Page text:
Eric Greer, PhD


Eric GreerI obtained m BA in Biochemistry from CWRU in 2004 and my PhD in Cancer Biology from Stanford in 2010 for work done in the lab of Anne Brunet, PhD. During my graduate work, I did some of the first work on identifying the molecular basis for how dietary restriction, a reduction in nutrients without starvation, can extend lifespan. My work also demonstrated that chromatin modifications, particular histone H3 lysine 4 trimethylation, could regulate lifespan in C. elegans. After my graduate studies, I completed my postdoctoral training in Dr. Yang Shi’s lab at Harvard Medical School. During my post-doc, I began to decipher how non-genetic information is transmitted from ancestors to their descendants. Through this search, I was able to identify a novel form of DNA modification, methylation on adenines, in metazoan that might be responsible for stable transgenerational epigenetic inheritance.

I started my lab in 2014 as an Assistant Professor of Pediatrics at Harvard Medical School and Boston Children’s Hospital, before joining Washington University in St. Louis in 2023. This work has been made possible thanks to a number of awards, including an NIH New Innovator Award and the Presidential Early Career Award for Scientists and Engineers.


The Greer lab is interested in how non-genetic information, termed epigenetics, regulates complex physiological and pathological phenotypes across generations. An increasing number of complex phenotypes, such as physical appearance, energy metabolism, psychological state, and longevity, have been shown to be regulated, in part, by epigenetic information. The rapidly expanding field of epigenetics describes how gene expression changes occur without changes to the DNA sequence. Proteins, RNA molecules, or chemical modifications to histones or DNA can induce these epigenetic changes. Our research aims to determine how this epigenetic information is regulated, how it instructs biological outcomes, and how this epigenetic information can be passed from generation to generation. Other work in our lab focuses on identifying new epigenetic and epitranscriptomic regulators and the biological consequences of these post-transcriptional and post-translational modifications in diverse model organisms (D. discoideum, C. elegans, M. musculus) and in human cell lines and how dysregulation of epigenetic mechanisms cause developmental defects and diseases.

Recent publications

  1. Wang SY, Kim K, O’Brown ZK, Levan A, Dodson AE, Kennedy SG, Chernoff C, and Greer EL, Hypoxia Induces Transgenerational Epigenetic Inheritance of Small RNAs. Cell Reports 41(11):111800 (2022)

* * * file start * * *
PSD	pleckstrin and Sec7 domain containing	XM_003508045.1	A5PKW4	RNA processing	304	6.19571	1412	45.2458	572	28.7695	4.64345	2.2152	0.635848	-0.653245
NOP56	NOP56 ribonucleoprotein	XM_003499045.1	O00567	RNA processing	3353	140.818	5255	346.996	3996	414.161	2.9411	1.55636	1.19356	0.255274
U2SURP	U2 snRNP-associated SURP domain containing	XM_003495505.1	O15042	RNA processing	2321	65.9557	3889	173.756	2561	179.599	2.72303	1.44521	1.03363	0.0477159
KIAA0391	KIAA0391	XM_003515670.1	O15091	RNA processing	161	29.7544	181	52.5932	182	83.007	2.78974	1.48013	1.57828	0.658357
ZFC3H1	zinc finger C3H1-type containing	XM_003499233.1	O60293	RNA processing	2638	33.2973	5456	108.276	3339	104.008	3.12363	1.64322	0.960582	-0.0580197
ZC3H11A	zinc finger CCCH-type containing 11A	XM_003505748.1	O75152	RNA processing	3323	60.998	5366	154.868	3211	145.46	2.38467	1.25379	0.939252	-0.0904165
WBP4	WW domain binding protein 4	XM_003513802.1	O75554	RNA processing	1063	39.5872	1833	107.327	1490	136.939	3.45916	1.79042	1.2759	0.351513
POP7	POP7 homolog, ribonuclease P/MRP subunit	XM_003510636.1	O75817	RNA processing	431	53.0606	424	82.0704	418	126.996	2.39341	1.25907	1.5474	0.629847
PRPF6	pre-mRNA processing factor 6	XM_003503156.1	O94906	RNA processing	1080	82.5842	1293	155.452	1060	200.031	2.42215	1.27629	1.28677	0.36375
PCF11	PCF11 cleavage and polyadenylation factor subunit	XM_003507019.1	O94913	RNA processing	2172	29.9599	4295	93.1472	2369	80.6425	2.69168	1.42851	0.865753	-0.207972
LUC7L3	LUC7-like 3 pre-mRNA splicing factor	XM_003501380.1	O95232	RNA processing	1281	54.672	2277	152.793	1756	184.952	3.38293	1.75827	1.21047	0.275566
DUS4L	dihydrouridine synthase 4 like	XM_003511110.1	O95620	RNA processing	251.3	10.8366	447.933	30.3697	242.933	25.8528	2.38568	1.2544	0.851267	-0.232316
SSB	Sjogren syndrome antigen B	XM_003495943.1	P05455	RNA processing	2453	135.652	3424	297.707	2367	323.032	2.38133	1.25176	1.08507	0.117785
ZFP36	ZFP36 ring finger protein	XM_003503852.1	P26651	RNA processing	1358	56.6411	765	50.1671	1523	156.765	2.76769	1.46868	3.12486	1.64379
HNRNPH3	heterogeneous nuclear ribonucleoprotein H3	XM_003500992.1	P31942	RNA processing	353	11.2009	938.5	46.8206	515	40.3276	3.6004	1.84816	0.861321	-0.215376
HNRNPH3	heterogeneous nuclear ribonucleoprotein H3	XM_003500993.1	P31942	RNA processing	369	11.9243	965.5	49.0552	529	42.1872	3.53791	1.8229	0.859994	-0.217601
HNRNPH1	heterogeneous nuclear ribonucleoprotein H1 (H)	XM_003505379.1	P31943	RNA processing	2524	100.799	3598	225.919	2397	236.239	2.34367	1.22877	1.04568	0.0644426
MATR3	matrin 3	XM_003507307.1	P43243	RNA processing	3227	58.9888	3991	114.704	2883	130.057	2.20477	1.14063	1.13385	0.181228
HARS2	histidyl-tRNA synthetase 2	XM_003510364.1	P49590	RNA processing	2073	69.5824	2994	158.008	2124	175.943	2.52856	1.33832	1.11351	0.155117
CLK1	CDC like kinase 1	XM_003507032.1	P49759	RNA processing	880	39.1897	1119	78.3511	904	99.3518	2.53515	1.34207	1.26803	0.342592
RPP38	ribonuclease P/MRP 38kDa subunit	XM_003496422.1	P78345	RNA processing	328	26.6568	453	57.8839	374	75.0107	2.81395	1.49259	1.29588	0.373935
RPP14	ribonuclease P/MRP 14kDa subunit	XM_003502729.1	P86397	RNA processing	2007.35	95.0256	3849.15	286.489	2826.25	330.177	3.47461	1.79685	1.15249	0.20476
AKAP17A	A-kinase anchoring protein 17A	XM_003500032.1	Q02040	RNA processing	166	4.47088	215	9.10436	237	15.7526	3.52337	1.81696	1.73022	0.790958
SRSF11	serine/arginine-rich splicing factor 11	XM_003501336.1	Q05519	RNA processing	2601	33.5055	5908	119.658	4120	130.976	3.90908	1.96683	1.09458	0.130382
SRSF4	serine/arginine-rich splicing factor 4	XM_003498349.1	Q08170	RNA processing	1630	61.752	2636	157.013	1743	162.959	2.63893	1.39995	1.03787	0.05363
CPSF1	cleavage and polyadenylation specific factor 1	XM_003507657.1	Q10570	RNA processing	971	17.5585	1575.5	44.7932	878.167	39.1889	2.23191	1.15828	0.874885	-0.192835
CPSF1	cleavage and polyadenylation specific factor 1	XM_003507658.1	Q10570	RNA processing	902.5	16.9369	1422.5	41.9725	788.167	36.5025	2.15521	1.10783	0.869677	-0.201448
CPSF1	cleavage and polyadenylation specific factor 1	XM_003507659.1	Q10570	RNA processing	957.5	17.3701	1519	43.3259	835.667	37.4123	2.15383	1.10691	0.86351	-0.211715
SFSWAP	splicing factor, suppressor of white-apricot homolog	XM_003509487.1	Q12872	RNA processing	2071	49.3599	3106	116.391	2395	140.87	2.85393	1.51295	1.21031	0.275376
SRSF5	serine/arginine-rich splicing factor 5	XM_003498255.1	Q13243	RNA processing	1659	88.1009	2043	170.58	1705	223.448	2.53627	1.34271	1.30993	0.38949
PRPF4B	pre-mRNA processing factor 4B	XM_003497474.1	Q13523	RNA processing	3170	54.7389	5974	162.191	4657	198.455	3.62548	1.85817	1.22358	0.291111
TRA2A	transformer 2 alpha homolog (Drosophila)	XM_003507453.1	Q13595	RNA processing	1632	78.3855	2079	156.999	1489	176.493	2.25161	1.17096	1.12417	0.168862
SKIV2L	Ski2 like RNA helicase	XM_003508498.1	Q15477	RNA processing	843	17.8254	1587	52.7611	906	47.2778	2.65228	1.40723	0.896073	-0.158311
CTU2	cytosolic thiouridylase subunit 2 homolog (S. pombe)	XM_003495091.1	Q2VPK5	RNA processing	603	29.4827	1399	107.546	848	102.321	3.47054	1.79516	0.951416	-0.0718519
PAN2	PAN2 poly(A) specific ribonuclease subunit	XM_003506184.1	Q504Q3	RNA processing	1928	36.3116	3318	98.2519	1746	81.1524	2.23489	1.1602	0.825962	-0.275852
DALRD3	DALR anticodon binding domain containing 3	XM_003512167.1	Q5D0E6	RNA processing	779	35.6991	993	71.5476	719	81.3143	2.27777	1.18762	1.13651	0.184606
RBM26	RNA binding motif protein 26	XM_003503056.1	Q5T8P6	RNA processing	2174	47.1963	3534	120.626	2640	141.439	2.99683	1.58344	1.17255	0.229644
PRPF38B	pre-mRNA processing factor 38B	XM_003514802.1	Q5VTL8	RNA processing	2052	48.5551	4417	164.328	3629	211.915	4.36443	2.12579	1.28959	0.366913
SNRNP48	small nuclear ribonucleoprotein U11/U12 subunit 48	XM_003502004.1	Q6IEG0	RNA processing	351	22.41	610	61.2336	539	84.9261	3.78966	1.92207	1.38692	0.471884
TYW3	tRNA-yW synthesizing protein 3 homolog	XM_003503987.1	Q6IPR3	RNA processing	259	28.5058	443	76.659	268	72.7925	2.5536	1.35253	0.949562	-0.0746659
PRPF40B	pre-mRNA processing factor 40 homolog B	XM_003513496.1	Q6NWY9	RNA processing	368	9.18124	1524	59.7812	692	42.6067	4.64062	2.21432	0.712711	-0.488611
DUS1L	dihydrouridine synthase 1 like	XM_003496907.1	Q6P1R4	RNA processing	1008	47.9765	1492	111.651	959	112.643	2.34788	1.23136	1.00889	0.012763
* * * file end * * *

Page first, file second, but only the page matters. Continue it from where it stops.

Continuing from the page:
2. Liberman N, Gerashchenko MV, Boulias K, MacWhinnie FG, Ying AK, Taylor AF, Al Haddad J, Shibuya H, Roach L, Dong A, Gladyshev VN, and Greer EL, Intergenerational hormesis is regulated by heritable 18S rRNA methylation. bioRxiv, doi: (2021)
  3. Wang SY, Pollina EA, Wang I-H, Bushnell HL, Takashima K, Fritsche C, Sabin G, Greer PL, and Greer EL, Role of epigenetics in unicellular to multicellular transition in Dictyostelium. Genome Biology 22(1):134-164 (2021)
  4. Liberman N*, O’Brown ZK*, Earl AS*, Boulias K, Gerashchenko MV, Wang SY, Fritsche C, Fady PE, Dong A, Gladyshev VN, and Greer EL, N6-adenosine methylation of ribosomal RNA affects lipid oxidation and stress resistance. Science Advances6(17):eaaz4370 (2020) * co-first authors
  5. Wang SY*, Mao H*, Shibuya H*, Uzawa S, O’Brown ZK, Wesenberg S, Shin N, Saito TT, Gao J, Meyer BJ, Colaiacovo MP, and Greer EL, The demethylase NMAD-1 regulates DNA replication and repair in the Caenorhabditis elegans germline. PLoS Genetics 15(7):e1008252 (2019) * co-first author
  6. Boulias K*, Toczydlowska-Socha D*, Hawley BR*, Liberman N, Takashima K, Zaccara S, Guez T, Vasseur JJ, Debart F, L. Aravind, Jaffrey SR$, and Greer EL$, Identification of the m6Am Methyltransferase PCIF1 Reveals the Location and Functions of m6Am in the Transcriptome. Mol Cell 75(3): 631-43.e8 (2019) * co-first authors $ co-corresponding authors
  7. Greer EL*$, Blanco MA*, Gu L, Sendinc E, Liu J, Aristizábal-Corrales D, Hsu C-H, Aravind L., He C, and Shi Y$ DNA methylation on N6-adenine in C. elegans. Cell 161(4):868-78 (2015) * co-first author $ co-corresponding authors
  8. Greer EL, Maures TJ, Ucar D, Hauswirth AG, Mancini E, Lim JP, Benayoun BA, Shi Y, and Brunet A. Transgenerational Epigenetic Inheritance of Longevity in C. elegans. Nature 479(7373):365-71 (2011).